Capitol: Cheaper electricity rates for some; restrictions for Bruning


February 15th, 2012

Lincoln, NE – A proposal for discounted electricity rates to attract economic development projects is advancing in the Legislature, while senators consider tighter restrictions on settlement money received by the Attorney General’s office.

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Sen. Langemeier wants companies spurring economic development to receive discounted electricity rates. (Photo courtesy Nebraska Legislature)

Nebraska’s public power districts can already negotiate discounted rates for up to five years for companies that qualify for economic development incentives. But if the districts raise general retail rates, those discounted rates have to go up, too. A proposal by Sen. Chris Langemeier of Schuyler would end that requirement. Langemeier said it would help the state use surplus power capacity to attract businesses.

“If Nebraska wants to sell some surplus power now, we sell it out onto the grid, we sell to Kansas City Power and Light, we sell it all the way down to Florida as we put it on the grid, sell it all over the eastern nation,” Langemeier said. “But at the end of that sale, we have nothing.”

“This allows us to use that same sale in the state of Nebraska, to have a business develop in Nebraska, that after five years we can add them to our base load, and then that helps all of our customers at the end of five years.”

Langemeier said later that the proposal is part of an effort to attract a billion-dollar data center project that Nebraska is in the running for.

An amendment to the bill specifies that power can’t be sold for below what it costs to produce. Mark Vasina of Nebraskans for Peace, who opposed the bill at a public hearing, said that could still leave other customers responsible for costs like retrofitting power plants to meet new anti-pollution requirements.

John McClure of the Nebraska Public Power District, which supports the proposal, acknowledged that’s true. But McClure said that five years of special rates could be close to expiring before such capital construction projects were approved and started, and after that, everyone would be contributing. The bill got first-round approval on a vote of 33-0.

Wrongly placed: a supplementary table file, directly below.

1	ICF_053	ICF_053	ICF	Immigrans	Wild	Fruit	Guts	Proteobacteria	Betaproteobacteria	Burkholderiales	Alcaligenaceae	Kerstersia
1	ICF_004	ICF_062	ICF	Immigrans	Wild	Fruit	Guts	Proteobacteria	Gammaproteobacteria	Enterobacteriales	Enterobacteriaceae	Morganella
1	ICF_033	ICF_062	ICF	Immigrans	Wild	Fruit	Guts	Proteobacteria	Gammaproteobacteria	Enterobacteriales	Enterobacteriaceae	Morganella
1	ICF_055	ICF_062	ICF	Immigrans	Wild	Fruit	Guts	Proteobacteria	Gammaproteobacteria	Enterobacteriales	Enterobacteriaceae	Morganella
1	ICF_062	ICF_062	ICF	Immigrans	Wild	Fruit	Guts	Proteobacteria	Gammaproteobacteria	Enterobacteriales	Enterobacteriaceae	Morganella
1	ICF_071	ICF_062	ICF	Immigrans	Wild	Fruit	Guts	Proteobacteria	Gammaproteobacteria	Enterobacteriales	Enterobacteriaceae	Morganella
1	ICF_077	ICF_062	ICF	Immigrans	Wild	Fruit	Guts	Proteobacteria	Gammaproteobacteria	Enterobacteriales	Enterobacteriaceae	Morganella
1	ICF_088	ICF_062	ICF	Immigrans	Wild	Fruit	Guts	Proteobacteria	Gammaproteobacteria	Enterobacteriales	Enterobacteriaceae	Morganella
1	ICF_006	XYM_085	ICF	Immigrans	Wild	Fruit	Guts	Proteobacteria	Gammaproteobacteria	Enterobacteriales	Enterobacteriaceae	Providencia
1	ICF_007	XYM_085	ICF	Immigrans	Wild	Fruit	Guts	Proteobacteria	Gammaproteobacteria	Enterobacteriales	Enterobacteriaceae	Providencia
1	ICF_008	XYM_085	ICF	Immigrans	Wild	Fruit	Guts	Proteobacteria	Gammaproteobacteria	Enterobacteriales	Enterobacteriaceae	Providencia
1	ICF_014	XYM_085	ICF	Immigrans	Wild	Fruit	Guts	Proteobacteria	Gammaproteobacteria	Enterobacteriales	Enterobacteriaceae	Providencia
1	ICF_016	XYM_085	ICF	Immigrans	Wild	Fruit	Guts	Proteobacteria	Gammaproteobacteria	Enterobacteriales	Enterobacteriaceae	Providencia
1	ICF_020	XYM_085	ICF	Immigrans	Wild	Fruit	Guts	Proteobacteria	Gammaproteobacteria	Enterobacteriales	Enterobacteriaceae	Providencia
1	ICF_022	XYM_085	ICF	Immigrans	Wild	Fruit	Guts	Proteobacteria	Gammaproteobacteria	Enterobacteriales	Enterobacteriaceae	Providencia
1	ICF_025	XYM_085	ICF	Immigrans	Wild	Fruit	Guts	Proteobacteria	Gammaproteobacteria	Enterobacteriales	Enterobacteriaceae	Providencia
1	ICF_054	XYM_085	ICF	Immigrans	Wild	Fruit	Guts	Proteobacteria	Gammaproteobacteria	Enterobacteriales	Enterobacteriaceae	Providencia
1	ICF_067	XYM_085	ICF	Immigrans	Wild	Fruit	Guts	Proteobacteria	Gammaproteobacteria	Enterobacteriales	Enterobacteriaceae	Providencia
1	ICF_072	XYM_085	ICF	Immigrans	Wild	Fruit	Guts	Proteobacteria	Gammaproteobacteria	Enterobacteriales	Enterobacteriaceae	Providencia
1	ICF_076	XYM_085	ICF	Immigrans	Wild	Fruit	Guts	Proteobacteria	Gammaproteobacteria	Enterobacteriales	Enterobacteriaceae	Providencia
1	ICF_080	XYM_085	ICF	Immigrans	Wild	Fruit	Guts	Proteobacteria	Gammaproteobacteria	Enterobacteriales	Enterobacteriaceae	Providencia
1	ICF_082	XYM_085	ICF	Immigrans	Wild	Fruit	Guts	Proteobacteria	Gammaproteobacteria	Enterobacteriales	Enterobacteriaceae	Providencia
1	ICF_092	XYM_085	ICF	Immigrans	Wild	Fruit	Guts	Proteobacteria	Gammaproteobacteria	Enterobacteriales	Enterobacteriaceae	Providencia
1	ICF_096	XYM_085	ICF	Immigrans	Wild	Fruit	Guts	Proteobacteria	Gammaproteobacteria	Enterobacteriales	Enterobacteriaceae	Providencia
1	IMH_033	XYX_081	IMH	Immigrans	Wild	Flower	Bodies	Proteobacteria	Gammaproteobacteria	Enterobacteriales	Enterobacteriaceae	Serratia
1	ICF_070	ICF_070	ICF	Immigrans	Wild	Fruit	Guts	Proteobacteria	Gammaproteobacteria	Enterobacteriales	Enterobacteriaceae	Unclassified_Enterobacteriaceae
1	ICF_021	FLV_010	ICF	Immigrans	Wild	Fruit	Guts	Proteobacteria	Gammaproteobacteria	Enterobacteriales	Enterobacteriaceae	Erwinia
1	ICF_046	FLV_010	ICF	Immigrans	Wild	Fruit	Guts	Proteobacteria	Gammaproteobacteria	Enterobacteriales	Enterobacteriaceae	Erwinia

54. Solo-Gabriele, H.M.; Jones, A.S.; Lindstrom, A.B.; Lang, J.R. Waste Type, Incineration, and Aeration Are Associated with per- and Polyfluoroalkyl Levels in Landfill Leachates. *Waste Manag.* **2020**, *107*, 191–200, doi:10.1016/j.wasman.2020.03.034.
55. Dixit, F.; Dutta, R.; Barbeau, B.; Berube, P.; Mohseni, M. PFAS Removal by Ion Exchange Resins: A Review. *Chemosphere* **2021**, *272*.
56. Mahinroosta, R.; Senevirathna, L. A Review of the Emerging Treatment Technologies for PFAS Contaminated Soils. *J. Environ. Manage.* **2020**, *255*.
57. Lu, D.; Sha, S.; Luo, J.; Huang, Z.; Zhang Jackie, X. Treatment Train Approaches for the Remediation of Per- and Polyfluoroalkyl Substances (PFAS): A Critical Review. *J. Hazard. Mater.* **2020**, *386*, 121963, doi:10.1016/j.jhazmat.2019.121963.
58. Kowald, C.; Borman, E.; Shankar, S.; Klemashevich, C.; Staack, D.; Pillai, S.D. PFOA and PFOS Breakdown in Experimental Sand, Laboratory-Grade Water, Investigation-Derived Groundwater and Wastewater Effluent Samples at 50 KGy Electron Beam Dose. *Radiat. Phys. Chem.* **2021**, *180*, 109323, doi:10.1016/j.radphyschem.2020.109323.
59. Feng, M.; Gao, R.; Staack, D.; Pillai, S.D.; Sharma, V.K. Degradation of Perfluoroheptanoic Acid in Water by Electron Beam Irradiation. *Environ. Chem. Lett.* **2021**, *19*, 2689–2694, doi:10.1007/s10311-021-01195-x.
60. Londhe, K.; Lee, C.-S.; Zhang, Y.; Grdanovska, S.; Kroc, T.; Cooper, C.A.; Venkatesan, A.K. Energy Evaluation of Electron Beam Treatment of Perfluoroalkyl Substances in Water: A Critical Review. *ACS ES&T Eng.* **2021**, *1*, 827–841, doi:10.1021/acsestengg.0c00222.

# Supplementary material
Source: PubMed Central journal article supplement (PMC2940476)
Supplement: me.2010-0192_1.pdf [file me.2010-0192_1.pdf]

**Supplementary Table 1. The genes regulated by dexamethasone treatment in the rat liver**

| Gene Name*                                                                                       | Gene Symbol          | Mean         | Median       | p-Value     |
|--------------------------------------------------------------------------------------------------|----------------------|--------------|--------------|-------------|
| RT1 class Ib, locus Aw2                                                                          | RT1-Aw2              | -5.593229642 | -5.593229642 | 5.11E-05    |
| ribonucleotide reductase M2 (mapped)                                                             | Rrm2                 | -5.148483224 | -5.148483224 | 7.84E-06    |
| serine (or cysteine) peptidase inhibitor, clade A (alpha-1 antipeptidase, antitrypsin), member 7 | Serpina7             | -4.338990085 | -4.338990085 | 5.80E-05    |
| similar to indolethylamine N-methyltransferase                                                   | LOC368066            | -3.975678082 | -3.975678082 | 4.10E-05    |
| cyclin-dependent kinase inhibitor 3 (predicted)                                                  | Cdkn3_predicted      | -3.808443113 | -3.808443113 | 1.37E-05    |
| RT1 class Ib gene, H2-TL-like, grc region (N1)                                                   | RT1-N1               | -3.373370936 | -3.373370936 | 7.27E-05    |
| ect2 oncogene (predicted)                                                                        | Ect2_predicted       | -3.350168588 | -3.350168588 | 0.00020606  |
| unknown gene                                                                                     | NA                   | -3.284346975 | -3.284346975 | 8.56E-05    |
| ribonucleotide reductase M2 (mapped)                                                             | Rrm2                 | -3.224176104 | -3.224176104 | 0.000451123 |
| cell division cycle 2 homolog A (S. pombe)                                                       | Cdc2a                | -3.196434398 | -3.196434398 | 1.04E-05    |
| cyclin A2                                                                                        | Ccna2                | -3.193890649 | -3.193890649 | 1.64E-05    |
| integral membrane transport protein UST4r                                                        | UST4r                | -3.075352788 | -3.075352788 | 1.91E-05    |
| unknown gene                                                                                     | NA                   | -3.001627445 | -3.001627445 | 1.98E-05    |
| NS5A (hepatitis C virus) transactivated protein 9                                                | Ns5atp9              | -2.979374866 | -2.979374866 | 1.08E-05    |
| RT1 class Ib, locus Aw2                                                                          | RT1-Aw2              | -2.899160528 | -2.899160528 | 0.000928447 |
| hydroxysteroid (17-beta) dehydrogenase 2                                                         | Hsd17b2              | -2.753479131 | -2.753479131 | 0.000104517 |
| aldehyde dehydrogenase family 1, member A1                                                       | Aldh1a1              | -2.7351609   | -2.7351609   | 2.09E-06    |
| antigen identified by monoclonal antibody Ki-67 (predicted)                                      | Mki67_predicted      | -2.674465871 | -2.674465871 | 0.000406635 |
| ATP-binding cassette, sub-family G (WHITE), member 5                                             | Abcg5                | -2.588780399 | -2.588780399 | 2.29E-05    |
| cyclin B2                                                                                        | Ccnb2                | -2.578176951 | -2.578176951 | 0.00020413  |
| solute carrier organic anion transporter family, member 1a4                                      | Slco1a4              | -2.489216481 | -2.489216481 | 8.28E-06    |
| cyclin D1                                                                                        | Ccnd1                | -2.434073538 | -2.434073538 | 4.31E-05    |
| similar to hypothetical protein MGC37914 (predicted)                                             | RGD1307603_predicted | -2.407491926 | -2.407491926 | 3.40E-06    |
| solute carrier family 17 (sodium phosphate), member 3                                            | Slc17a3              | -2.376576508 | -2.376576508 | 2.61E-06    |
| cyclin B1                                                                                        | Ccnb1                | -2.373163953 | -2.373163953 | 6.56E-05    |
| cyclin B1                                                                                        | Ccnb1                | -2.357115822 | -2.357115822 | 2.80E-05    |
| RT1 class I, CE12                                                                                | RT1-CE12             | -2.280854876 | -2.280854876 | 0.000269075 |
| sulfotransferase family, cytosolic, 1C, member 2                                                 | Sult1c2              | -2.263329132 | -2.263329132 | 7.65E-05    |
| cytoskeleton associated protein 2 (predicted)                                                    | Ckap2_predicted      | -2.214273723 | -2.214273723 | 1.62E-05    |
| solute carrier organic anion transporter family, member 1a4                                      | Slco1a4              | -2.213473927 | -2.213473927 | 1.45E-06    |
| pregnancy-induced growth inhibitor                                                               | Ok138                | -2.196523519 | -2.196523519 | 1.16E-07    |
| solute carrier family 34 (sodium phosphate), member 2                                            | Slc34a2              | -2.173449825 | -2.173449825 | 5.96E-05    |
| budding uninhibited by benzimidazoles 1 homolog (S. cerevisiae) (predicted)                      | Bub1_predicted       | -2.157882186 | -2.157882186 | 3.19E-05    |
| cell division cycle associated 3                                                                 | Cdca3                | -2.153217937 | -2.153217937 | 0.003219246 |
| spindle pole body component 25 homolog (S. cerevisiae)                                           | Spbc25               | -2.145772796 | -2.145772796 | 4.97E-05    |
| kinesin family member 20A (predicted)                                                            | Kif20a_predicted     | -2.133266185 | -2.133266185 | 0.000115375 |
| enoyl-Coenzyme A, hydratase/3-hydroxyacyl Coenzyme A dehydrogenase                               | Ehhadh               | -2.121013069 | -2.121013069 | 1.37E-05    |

Jon Bruning stirred controversy after swiftly approving a $100,000 grant for the advocacy group We Support Agriculture. Critics charged it was a politically-motivated decision; Bruning is running for U.S. Senate. (Photo courtesy Bruning Campaign)

In a hearing Wednesday afternoon, the Judiciary Committee heard two proposals to change the way money from the settlement of environmental lawsuits is handled by the state. Currently, the attorney general makes grants to various organizations. That practice came under scrutiny last year when Attorney General Jon Bruning, who is running for the U.S. Senate, gave $100,000 to an organization called We Support Agriculture, an offshoot of several powerful agricultural groups.

Omaha Sen. Heath Mello has proposed that the money should instead go to schools, and Sen. Ken Haar of Malcolm wants it to go to the Environmental Trust.

Chief Deputy Attorney General David Cookson opposed both proposals. He said other states handle money the same way as Nebraska. And Cookson suggested the bills would violate the separation of powers by infringing on the attorney general’s ability to reach legal settlements. “We have followed the law, to the letter of the law and the spirit of the law, throughout this process.”

Bruning did not testify, but has previously said Mello and Haar, both registered Democrats, were introducing their legislation because he’s a Republican running for Senate. But state Sen. Steve Lathrop, also a registered Democrat, said the real question is what’s the best policy.

“We shouldn’t leave here today and say, ‘The Judiciary committee’s just figured out that Jon Bruning is a crook,'” Lathrop said. “That isn’t it. What we’re doing is asking the question ‘Is this good policy? And should the attorney general be in charge of money that he’s putting together in a stipulated order that gives him discretion to spend it any way he wants?”

“Legal, but maybe not the best policy.”

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